Denis Poroy/Associated Press

The Pro Football Hall of Fame tells the story of Reggie White, dead at 43, enshrined posthumously, his son introducing him, his widow giving the acceptance speech, both of them, well, speaking.

The Pro Football Hall of Fame tells the story of Mike Webster, dead at 50, homeless, penniless and racked with physical and mental illnesses for most of his post-football life. It tells the stories of others who suffered a hundred different ways from the ravages of a sport that both gave generously and took away mercilessly.

The Pro Football Hall of Fame requires us to approach with the wide-eyed wonder of children, but with the wisdom of adults. The first story it ever told was of Jim Thorpe and the Carlisle Indian Industrial School: one of America’s greatest athletes, his career made possible by cultural eradication. The latest story it tells is of a player who did not know the risks he took each time he launched his body at another human, and the price he and his family paid. These are important, grown-up stories.

But the Pro Football Hall of Fame wants to shield our eyes like children. Or, more appropriately, shield its own eyes.

If silence is what the Pro Football Hall of Fame wants, then silence it should get. If you are asked to give Seau’s acceptance speech, turn the honor down. Tell them you have laryngitis. Tell them you have stage fright. Or tell them the truth that we are all thinking: that you believe Sydney Seau should be the one who gives the speech.

That goes for all of you: all the old Chargers, the Patriots and Dolphins, the USC teammates and high school coaches from Oceanside. All of the people who loved Seau most of all can show their love with silence. Make the Pro Football Hall of Fame toss one of its own low-level functionaries on the stage to mumble off a Wikipedia entry while the audience shuffles and coughs. Or let’s turn a moment of silence into 15 minutes of silence we each keep in our own way: by remembering Seau’s greatness, lamenting his loss or remembering how evils of all kinds go unchecked when powerful people choose to ignore them.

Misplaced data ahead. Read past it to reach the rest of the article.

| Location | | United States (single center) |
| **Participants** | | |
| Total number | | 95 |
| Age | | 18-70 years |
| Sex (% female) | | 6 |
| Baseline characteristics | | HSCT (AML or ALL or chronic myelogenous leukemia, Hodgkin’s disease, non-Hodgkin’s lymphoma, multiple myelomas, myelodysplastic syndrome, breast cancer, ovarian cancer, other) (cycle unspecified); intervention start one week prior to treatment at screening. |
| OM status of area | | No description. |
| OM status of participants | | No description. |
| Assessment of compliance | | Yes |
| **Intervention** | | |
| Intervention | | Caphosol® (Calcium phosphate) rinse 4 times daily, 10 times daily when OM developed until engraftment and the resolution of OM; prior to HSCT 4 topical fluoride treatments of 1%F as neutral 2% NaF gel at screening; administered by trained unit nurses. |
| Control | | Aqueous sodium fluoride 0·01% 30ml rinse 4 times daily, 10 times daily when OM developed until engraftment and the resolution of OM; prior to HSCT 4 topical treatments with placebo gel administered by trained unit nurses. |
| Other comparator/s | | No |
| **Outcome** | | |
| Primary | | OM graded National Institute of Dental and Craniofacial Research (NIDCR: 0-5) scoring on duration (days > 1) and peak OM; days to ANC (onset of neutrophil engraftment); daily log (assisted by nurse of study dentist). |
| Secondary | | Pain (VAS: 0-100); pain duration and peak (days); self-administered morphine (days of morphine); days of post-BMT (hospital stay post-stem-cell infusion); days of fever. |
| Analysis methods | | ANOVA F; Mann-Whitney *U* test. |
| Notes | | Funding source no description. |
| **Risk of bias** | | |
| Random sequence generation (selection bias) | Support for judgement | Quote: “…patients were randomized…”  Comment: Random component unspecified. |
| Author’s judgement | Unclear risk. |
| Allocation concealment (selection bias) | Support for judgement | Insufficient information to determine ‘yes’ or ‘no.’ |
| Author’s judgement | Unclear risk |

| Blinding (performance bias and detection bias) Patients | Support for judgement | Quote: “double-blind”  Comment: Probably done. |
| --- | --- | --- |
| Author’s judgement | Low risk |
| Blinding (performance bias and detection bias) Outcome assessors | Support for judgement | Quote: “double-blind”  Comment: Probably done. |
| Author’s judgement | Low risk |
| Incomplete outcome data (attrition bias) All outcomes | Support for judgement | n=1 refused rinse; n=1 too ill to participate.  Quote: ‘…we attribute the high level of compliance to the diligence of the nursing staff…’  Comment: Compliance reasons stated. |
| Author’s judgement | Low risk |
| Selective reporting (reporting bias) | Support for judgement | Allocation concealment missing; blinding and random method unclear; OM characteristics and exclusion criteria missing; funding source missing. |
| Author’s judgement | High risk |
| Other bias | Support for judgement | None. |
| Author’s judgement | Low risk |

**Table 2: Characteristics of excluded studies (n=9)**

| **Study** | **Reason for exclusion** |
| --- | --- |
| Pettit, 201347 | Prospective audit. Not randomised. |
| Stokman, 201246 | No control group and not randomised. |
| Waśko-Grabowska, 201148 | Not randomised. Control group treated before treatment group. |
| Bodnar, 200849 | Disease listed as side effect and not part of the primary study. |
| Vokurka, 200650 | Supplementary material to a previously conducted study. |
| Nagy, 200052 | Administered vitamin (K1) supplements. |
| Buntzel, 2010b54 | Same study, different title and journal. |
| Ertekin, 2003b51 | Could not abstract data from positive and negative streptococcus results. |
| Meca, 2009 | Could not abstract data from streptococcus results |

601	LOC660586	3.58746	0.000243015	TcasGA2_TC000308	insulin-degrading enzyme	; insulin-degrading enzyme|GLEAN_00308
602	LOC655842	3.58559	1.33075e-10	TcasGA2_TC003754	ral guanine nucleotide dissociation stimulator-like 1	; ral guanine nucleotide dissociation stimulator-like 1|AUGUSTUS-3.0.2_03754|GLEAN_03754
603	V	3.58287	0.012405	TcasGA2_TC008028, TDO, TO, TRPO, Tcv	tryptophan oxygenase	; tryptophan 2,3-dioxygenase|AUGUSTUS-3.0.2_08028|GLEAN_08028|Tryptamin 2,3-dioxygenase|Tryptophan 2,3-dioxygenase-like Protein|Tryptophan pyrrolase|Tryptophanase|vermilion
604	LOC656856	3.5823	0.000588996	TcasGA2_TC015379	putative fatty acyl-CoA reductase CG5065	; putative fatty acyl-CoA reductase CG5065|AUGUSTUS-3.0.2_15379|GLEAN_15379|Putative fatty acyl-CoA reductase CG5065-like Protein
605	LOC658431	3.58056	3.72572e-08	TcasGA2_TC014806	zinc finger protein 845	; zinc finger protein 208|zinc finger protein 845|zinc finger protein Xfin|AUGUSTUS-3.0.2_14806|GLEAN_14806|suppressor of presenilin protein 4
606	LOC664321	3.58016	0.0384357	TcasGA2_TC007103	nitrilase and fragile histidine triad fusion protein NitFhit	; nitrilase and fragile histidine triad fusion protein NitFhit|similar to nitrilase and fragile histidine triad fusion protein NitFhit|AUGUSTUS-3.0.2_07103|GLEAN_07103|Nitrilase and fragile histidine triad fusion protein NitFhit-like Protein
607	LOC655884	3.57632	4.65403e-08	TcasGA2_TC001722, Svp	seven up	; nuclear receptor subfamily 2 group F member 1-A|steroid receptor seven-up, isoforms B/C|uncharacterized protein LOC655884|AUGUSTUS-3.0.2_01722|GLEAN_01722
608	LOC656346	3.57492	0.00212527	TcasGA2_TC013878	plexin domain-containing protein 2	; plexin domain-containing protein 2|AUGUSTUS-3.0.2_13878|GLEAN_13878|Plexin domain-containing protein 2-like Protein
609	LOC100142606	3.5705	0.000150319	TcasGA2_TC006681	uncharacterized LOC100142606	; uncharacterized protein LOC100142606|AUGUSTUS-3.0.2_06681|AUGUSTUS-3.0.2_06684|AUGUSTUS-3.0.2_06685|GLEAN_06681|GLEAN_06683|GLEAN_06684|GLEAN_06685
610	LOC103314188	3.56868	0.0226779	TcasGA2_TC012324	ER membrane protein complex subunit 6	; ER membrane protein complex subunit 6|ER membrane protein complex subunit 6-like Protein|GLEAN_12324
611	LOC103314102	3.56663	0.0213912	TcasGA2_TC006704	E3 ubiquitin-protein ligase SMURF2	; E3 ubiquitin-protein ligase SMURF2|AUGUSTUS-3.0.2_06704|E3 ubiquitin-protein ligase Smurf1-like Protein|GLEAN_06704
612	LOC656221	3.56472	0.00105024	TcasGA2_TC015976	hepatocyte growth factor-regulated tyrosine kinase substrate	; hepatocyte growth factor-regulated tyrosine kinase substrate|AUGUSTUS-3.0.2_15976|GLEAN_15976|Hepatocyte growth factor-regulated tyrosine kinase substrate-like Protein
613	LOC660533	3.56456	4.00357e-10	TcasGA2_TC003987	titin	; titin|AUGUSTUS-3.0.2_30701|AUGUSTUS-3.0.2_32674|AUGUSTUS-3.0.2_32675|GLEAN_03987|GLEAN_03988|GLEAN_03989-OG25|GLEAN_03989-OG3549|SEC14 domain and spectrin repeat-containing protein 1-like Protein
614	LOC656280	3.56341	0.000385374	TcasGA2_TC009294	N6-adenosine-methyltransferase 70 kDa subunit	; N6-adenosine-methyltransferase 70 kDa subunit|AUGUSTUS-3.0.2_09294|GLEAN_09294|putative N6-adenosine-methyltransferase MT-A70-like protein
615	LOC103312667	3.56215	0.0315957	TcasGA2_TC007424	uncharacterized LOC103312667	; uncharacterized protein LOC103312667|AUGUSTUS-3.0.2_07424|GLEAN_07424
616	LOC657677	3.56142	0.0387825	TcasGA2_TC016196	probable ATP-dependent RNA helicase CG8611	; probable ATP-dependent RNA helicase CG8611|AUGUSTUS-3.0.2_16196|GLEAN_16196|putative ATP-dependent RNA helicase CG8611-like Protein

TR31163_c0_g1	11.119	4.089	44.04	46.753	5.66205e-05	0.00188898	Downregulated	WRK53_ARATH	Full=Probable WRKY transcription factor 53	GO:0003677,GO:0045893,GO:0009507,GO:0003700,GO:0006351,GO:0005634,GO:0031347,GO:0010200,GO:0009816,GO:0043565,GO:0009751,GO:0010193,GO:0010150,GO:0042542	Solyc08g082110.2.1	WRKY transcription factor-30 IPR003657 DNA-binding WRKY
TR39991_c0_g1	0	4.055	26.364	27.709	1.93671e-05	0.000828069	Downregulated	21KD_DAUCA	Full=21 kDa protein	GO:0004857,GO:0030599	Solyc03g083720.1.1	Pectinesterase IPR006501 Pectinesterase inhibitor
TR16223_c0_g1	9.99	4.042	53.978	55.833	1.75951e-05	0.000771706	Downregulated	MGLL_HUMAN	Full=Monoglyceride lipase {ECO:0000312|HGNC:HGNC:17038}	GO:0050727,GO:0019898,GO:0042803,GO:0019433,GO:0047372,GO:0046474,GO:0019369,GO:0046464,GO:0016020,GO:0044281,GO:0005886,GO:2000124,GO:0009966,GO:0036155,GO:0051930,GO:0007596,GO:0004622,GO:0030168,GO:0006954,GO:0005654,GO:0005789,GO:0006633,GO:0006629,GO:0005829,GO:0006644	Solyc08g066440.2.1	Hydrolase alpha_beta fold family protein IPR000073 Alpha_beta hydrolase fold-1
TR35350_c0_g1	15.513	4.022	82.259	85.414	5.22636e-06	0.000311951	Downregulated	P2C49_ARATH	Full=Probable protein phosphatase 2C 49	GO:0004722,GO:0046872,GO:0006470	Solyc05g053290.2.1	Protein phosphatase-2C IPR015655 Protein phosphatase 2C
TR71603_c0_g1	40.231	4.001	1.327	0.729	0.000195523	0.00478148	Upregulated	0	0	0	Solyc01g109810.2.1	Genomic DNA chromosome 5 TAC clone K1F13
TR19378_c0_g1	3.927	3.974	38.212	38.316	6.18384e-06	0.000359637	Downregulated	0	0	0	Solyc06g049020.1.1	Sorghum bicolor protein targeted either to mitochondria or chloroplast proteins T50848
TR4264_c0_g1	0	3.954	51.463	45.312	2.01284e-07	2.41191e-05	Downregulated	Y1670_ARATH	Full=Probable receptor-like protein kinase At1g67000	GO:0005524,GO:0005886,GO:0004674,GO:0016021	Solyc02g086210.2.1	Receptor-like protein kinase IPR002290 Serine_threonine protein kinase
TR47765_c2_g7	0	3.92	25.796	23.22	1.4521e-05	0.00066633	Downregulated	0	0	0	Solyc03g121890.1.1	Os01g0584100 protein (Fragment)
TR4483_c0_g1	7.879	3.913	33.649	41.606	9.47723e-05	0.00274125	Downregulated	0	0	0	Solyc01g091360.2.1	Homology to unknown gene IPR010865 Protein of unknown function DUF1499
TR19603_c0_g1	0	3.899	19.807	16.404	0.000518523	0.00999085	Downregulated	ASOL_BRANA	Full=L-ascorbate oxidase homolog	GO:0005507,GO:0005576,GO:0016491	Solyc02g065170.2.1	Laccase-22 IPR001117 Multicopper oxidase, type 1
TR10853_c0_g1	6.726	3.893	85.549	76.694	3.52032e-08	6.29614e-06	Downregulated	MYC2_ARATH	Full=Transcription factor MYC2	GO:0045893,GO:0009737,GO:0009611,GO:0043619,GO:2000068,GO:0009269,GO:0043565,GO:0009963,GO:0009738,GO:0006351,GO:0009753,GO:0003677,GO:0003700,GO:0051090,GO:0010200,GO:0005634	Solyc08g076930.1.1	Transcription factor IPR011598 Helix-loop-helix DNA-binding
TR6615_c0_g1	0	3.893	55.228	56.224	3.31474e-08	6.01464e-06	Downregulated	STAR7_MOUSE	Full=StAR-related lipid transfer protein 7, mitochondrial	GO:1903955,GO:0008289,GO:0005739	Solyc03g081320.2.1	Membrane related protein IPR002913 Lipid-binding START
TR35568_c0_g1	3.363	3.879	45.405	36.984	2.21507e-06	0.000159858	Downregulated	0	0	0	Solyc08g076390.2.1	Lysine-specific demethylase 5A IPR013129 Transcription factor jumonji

Winslow Townson/Associated Press

And then, when the silence and discomfort ends, Tim Brown can take the stage. Brown, Seau’s friend until the very end, can tell America that he wants to hear Sydney Seau speak.

Then Jerome Bettis can say he wants Seau’s daughter to speak. Then Will Shields. One by one, each player who has felt the pain, who has felt the fear, who wakes up dizzy or creaky or has spoken to an old teammate who is no longer the same or has grown old too young can demand to hear the voice of a young woman who lost her father to an illness he did not understand.

Chances are, that young woman will have a lot more to say about the father than the illness.

Let’s fight the Pro Football Hall of Fame’s conspiracy of silence with our own silence. Respectful silence, but also awkward silence and shameful silence for those who fear the speaking of the truth. Turn the Hall of Fame down. Put a megaphone in front of the Seau family’s absent voice.

Of course, if the Hall asks me to give Seau’s acceptance speech, I will jump at the chance. But trust me, right now it would be much better off with Sydney Seau.